Whether you consciously seek out accommodation with great eco credentials or not, it’s always good to know what some people in the travel industry are doing to reduce their environmental impact and appeal to the environmentally-conscious traveller. And as ecotourism is steadily becoming part of mainstream travel, accommodation owners are integrating sustainable and responsible practices as commonplace, making it much easier to find green stays on any trip.
Listing each and every eco hostel I know of, or have come across, would make for a crazy long post, so instead here are five that I’ve either stayed at, or plan to:
Middle-Earth fans, this one’s for you. If you’ve spent far too many hours wondering what it would *really* be like waking up in Hobbiton, but the film set in New Zealand is too far to get to, then this could be your dream come true.
Half buried in the earth, this 100ft diameter solar and wind powered circular fort was constructed entirely from renewable sources, including sheep wool insulation, bagging it the first hostel in Europe to be awarded the EU Eco Label.
If that isn’t impressive enough, the building was also designed to align with the dawns and dusks of the summer and winter solstices when light hits the great central hall. If that doesn’t appeal to your hidden fantasy leanings (or inner hippy), then what will?
When I was looking for information on CEL I found plenty about its setting – in the lush Girona countryside; about the inspiring environment where you can be at one with nature, exploring the surrounding walking trails, and how you can enjoy the sustainable and permaculture practices that the owners are so passionate about. But what intrigues me is that no one has mentioned the building! Look at it. It oozes character. Once a working farmhouse, this wonderful Catalunyan hostel would be worth the 25 km drive from Girona just to spend a day soaking up the atmosphere.
At CEL, it’s all about organic produce, and that’s all you get in the adjoining shop and restaurant. Accommodation wise, there are 29 beds available, but you are also welcome to camp in the grounds.
Nestled among the ferns of Spina Verde Regional Park in northern Italy, this eco hostel is the perfect spot for those wanting to spend a few days exploring the area. Butting the Swiss border, and not far from the infamous Lake Como, the park holds much more than just walking trails and bike paths. Here you’ll find a handful of archaeological digs dating back to pre-Roman times, a number of churches (well, it is Italy), trenches dug in the first World War, and the wonderful medieval Baradello Castle.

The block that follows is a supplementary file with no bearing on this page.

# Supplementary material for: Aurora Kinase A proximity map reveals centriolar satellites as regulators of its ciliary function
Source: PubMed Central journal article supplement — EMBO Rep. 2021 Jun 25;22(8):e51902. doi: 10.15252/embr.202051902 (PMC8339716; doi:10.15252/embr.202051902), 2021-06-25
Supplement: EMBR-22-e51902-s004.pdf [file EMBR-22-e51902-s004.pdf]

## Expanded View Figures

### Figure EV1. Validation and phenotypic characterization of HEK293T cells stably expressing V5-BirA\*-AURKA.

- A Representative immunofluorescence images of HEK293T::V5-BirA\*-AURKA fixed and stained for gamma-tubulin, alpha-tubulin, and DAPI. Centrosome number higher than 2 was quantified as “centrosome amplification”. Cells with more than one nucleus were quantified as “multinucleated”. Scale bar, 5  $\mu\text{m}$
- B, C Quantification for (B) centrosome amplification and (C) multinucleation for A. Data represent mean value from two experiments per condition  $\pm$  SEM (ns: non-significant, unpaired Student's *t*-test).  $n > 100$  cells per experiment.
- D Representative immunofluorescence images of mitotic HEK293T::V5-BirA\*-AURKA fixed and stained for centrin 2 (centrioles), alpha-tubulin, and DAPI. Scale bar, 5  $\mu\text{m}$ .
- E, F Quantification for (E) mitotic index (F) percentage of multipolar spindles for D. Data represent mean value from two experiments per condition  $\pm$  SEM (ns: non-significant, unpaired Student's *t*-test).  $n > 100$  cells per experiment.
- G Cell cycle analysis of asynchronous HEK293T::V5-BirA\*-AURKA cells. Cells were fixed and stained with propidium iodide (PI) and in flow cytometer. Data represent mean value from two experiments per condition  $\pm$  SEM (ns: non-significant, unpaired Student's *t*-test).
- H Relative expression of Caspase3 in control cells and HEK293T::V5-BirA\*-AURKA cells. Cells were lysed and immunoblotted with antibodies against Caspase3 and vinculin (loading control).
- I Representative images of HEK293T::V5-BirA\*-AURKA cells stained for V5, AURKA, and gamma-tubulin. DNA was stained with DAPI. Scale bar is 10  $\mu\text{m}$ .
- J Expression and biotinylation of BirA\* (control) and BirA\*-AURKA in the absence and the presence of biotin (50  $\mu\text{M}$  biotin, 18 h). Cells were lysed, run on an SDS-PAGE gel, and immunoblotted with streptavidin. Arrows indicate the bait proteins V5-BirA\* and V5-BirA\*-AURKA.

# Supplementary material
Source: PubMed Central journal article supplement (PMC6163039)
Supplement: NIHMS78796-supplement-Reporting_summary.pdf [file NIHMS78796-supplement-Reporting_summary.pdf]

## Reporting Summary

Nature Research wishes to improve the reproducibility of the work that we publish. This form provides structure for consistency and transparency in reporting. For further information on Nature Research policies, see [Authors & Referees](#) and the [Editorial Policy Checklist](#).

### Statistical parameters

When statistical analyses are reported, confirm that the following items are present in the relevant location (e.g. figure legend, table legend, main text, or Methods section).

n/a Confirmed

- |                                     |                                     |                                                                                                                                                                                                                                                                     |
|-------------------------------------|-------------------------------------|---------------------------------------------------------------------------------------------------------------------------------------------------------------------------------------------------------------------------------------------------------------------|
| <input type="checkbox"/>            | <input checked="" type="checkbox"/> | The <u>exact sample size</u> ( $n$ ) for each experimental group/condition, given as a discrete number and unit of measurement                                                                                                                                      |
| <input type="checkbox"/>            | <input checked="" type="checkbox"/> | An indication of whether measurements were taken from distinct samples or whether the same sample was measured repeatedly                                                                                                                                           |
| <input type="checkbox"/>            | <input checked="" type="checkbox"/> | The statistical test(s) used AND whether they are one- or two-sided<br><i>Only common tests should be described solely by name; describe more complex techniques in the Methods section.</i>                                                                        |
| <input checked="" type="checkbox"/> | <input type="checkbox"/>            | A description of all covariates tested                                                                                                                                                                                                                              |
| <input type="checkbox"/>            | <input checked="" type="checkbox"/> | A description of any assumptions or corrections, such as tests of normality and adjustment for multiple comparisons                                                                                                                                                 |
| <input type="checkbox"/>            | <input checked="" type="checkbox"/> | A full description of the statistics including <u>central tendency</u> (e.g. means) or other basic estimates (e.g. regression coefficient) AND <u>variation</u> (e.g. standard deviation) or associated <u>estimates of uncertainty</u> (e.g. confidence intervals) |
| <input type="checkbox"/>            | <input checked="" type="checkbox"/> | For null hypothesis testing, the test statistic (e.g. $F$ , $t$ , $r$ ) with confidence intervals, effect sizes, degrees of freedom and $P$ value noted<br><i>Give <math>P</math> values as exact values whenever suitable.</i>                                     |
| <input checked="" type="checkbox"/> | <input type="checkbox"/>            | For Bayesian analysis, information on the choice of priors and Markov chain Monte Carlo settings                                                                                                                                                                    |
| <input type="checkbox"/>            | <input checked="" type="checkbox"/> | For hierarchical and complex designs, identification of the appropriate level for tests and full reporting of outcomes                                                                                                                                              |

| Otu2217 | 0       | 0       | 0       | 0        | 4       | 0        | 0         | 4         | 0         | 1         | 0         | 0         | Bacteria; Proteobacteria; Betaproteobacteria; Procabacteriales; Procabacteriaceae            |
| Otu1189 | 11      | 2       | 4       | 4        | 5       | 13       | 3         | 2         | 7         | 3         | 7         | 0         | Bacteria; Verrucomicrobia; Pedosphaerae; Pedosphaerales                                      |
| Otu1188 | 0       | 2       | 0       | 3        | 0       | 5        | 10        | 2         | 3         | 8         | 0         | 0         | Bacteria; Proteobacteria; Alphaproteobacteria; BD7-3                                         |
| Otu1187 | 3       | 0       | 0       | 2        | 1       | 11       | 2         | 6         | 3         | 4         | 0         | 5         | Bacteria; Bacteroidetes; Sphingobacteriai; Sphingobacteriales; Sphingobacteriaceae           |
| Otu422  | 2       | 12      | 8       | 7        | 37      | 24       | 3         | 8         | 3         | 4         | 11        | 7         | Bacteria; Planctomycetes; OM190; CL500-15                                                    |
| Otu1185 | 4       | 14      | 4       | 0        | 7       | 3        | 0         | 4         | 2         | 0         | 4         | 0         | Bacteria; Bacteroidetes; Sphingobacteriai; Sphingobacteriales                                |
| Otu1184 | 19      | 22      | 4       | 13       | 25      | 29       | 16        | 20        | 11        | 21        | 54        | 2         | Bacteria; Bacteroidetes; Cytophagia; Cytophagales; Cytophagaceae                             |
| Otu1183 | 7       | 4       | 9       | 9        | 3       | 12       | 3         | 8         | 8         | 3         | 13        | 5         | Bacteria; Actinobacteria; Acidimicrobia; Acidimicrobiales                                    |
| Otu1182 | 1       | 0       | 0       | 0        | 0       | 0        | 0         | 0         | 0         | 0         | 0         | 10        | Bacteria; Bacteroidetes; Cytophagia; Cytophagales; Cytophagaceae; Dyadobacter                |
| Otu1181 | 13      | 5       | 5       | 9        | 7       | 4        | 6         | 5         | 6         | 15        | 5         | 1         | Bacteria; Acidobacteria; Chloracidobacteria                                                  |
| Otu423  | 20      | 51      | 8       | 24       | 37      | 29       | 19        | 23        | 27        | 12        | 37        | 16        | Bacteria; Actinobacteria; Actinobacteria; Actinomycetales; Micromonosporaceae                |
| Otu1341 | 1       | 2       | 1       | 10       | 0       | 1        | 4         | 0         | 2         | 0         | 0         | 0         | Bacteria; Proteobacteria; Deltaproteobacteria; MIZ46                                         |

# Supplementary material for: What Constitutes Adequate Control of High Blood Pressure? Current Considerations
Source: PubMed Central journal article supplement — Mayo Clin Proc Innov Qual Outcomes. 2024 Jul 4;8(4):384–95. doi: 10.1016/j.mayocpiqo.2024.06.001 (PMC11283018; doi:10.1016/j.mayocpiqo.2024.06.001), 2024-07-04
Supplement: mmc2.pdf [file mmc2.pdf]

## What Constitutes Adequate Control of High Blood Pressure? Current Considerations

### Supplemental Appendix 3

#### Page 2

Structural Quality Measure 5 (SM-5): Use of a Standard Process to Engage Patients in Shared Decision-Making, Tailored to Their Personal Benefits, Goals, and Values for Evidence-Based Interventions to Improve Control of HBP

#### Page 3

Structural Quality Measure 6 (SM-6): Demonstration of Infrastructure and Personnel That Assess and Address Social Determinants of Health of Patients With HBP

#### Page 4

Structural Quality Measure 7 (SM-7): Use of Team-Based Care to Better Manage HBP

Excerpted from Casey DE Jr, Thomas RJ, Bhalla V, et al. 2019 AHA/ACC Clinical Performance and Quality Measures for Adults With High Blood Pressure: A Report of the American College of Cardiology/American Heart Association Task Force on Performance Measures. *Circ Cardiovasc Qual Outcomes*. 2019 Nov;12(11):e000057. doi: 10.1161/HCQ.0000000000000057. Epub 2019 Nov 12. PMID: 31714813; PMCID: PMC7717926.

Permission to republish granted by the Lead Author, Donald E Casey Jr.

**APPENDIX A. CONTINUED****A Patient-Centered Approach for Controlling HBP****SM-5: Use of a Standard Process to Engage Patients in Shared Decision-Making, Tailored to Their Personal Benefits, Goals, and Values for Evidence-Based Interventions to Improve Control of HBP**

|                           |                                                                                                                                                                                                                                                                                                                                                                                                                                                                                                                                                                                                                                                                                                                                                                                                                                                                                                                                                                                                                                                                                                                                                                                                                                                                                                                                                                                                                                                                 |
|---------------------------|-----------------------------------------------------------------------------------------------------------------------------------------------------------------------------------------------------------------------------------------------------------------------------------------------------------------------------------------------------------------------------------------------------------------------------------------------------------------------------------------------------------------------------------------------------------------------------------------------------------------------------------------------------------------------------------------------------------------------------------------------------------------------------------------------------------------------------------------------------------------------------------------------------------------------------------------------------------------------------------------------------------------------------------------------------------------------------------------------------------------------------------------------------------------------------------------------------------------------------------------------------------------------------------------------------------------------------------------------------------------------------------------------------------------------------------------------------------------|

The hostel is an old stone farmhouse with a wonderful outdoor patio area. There are single sex and mixed dorms, as well as private rooms available.
Surrounded by carob, almond and fig trees, with hammocks hanging from the verandah’s rafters, Eco Hostel Algarve looks just as you’d imagine an eco hostel would. Stuart and Owl, the owners, run a clean, friendly, fun and chilled place to stay that is close to both the beaches and Ria Formosa Nature Reserve. Visitors can explore the area via walks that pass by the property, or check out the nearby Roman ruins and Estoi Palace. The area is also renowned for its great bird watching spots.
There are a few unique accommodation options – a replica Goan co-co hut, a tepee and two cabins – and there’s a wonderful outdoor lounge where you can while away the hours reading, writing, chatting, or doing absolutely nothing at all!
There aren’t many 17th century buildings that can boast 21st century eco credentials, but at Deepdale when they decided to restore these wonderful buildings back to traditional Norfolk style, they included modern green technologies to reduce their environmental impact, and added a few other unique flourishes, too. This multi-awarded winning hostel also has yurts, tipis and camp sites in their accommodations list.
Hostel staff get involved in guided walks, conduct surveys of the local habitat and participate in woodland management projects. Sustainable practices include growing their own wheat, sugar beet and barley so they can make home-made bread, sugar and beer! A hostel that makes their own beer? Now that’s my type of place.
*This post was brought to you by HostelWorld, who have a range of eco hostels around the world.